I do research on and recreate garments and objects from the past. My sources range from original items to photographs in books, periodicals, art works, literary references and period patterns. My research also involves the history of knitting needles and related implements.
The portrait in the corner is by Elisabeth Louise Vigée Le Brun (1755-1842) of Elisabeth Alexeyevna (?), location and ownership unknown.
The reproduction18th century man's pocketbook is finished. It has mistakes in the stitching and I am not happy with the initials and their box but overall, I love it! I greatly enjoy doing this type of work and just have to be more careful in the future or catch my mistakes sooner than six rows afterwards or summat like that!
The pocketbook measures 7 ½” across and 7" long, opened flat. The interior is lined with cardboard and handwoven green silk. The tapes are woven wool and all of the sewing was done by hand with linen thread. The pocketbook, itself, was stitched on 30 count linen with naturally dyed wools from Textile Reproductions. The linen and the wools are from a kit purchased about twenty or more years ago but I did not exactly follow the colour chart in the kit.
My thanks to my father for holding open the pocketbook, and please excuse the Christmas tablecloth in the background which has finally been put away for the year!
Mrs. Eunecia Street Stebbins (1759-1817), 1805-1806 Reuben Mouthrop (1763-1814), American Oil on canvas under glass 30" x 24" Owner: Howard S. Ranson, Connecticut (according to the Art Inventories Catalog Smithsonian American Art Musuem Smithsonian Institution Research Information System)
I love portraits of the American colonial era and I particularly like this painting. I have a large photograph of it from a catalogue from Christie's (1998) which shows the beautiful green fabric of the gown, the black lace shawl, the fabulous cap and, of course, the stocking on the four exquisite thin needles. The sitter, as in many paintings that are called primitive or folk art has a misproportioned body in that the arms, in this case, are too large and low for the body, and are far forward in the image. The hands are very big and the skin is a dusky pinkish-white with grey shadows all over. The face, though, is kindly and sweet, with more expression than is usually found in this genre. Mrs. Stebbins looks out directly at us, a hint of a slightly lop-sided smile about to break out, and no suggestion of annoyance in being disturbed at her knitting. On the contrary, she looks pleased to see us unlike other painted knitters who have graced this blog.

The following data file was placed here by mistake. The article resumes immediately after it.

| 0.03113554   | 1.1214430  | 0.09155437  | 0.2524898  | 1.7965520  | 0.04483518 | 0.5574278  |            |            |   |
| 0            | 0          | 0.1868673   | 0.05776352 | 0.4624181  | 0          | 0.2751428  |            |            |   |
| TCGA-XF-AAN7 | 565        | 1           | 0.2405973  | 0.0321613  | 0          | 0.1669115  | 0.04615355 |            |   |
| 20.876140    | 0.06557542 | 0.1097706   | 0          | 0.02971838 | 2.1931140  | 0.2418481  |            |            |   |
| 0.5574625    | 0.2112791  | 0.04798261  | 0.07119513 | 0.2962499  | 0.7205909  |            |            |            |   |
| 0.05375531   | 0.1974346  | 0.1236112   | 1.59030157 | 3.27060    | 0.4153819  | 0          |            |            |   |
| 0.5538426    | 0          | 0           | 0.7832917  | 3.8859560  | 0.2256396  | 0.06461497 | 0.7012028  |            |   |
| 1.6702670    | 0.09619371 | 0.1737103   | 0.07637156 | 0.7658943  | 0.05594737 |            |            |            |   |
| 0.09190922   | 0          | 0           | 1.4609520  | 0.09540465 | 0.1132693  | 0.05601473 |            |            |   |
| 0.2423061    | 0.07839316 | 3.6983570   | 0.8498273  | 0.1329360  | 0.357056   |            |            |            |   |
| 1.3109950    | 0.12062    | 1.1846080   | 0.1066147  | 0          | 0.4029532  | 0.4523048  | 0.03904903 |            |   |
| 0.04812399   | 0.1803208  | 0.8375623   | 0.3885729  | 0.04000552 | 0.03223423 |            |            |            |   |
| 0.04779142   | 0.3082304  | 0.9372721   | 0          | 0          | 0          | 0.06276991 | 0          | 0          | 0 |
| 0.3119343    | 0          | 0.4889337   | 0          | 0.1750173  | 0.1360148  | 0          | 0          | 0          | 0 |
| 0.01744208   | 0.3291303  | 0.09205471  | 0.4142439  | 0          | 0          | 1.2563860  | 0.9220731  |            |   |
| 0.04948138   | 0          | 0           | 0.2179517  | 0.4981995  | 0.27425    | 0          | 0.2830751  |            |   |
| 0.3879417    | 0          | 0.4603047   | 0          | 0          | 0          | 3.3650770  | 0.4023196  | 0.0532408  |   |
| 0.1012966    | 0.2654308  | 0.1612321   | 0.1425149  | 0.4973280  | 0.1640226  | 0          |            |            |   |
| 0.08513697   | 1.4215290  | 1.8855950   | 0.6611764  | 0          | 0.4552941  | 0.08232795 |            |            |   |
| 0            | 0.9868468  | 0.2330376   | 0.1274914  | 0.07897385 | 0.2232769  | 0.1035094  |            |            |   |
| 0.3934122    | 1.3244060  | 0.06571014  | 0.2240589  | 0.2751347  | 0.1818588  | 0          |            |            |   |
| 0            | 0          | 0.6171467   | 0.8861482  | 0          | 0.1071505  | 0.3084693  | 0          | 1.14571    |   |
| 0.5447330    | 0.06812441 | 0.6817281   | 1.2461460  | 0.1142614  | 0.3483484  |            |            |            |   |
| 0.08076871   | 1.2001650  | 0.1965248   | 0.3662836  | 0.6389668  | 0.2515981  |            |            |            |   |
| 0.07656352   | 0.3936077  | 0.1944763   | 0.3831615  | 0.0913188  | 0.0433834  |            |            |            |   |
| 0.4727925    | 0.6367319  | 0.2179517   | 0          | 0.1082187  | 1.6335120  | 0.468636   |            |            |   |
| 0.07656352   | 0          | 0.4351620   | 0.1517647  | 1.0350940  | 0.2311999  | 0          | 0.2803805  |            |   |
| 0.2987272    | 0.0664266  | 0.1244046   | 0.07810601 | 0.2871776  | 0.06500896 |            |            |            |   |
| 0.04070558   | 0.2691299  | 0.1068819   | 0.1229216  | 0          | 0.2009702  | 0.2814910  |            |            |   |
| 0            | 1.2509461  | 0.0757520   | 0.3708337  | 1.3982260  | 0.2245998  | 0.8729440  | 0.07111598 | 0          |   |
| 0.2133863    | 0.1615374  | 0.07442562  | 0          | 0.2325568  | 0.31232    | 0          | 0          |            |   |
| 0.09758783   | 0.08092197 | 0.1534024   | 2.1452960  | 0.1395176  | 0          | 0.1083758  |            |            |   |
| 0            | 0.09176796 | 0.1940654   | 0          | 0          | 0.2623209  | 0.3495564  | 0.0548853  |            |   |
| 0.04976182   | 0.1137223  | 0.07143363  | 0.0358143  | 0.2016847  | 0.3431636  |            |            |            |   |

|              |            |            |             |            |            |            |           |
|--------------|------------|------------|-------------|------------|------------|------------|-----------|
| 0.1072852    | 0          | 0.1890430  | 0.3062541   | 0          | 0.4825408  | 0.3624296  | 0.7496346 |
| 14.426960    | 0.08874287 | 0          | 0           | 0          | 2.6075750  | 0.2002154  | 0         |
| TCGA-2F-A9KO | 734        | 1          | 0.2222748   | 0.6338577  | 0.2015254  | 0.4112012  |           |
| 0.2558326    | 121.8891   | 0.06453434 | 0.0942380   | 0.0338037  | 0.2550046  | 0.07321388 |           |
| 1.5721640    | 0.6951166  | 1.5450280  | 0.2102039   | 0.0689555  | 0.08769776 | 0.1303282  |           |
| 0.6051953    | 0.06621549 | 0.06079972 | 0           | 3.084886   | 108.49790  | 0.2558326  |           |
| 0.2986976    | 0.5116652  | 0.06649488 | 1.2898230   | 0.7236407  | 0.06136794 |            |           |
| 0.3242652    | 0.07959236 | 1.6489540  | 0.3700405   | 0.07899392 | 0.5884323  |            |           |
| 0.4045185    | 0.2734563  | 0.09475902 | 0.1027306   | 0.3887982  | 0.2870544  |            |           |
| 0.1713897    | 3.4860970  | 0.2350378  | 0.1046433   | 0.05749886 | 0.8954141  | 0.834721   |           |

The knitting is of great interest and right there in the foreground, nice and clear. Four medium-length thin needles with a stocking begun in a very fine yarn - wool, silk, linen? There are no slubs in this yarn but, since it is in a painting, this means nothing. One can, however, almost count the stitches, 48 and about 10 more or so on the nearest needle, and 28 and a few more on the back needle. There are some, though not too many, on the needle closest to the body and none, as far as I can see, on the remaining needle, as if Mrs. Stebbins was just about to start working with that empty needle. Even though this is a painting, and so the accuracy cannot be trusted, the stitch count is not far off from a stocking I am currently knitting from The Knitting Teacher's Assistant, dated 1817, which is held to be the earliest collection of printed *patterns* currently available, at least in English. Mrs. Stebbins is knitting with very thin needles and fine yarn whereas the pattern suggests "coarse worsted and large needles" so I am using 3.25mm/3US needles and Harrisville Designs 2 ply Shetland wool in Marigold. I adore the texture and colour of this wool so I am whipping up these stockings fairly quickly and will discuss them in another post very soon.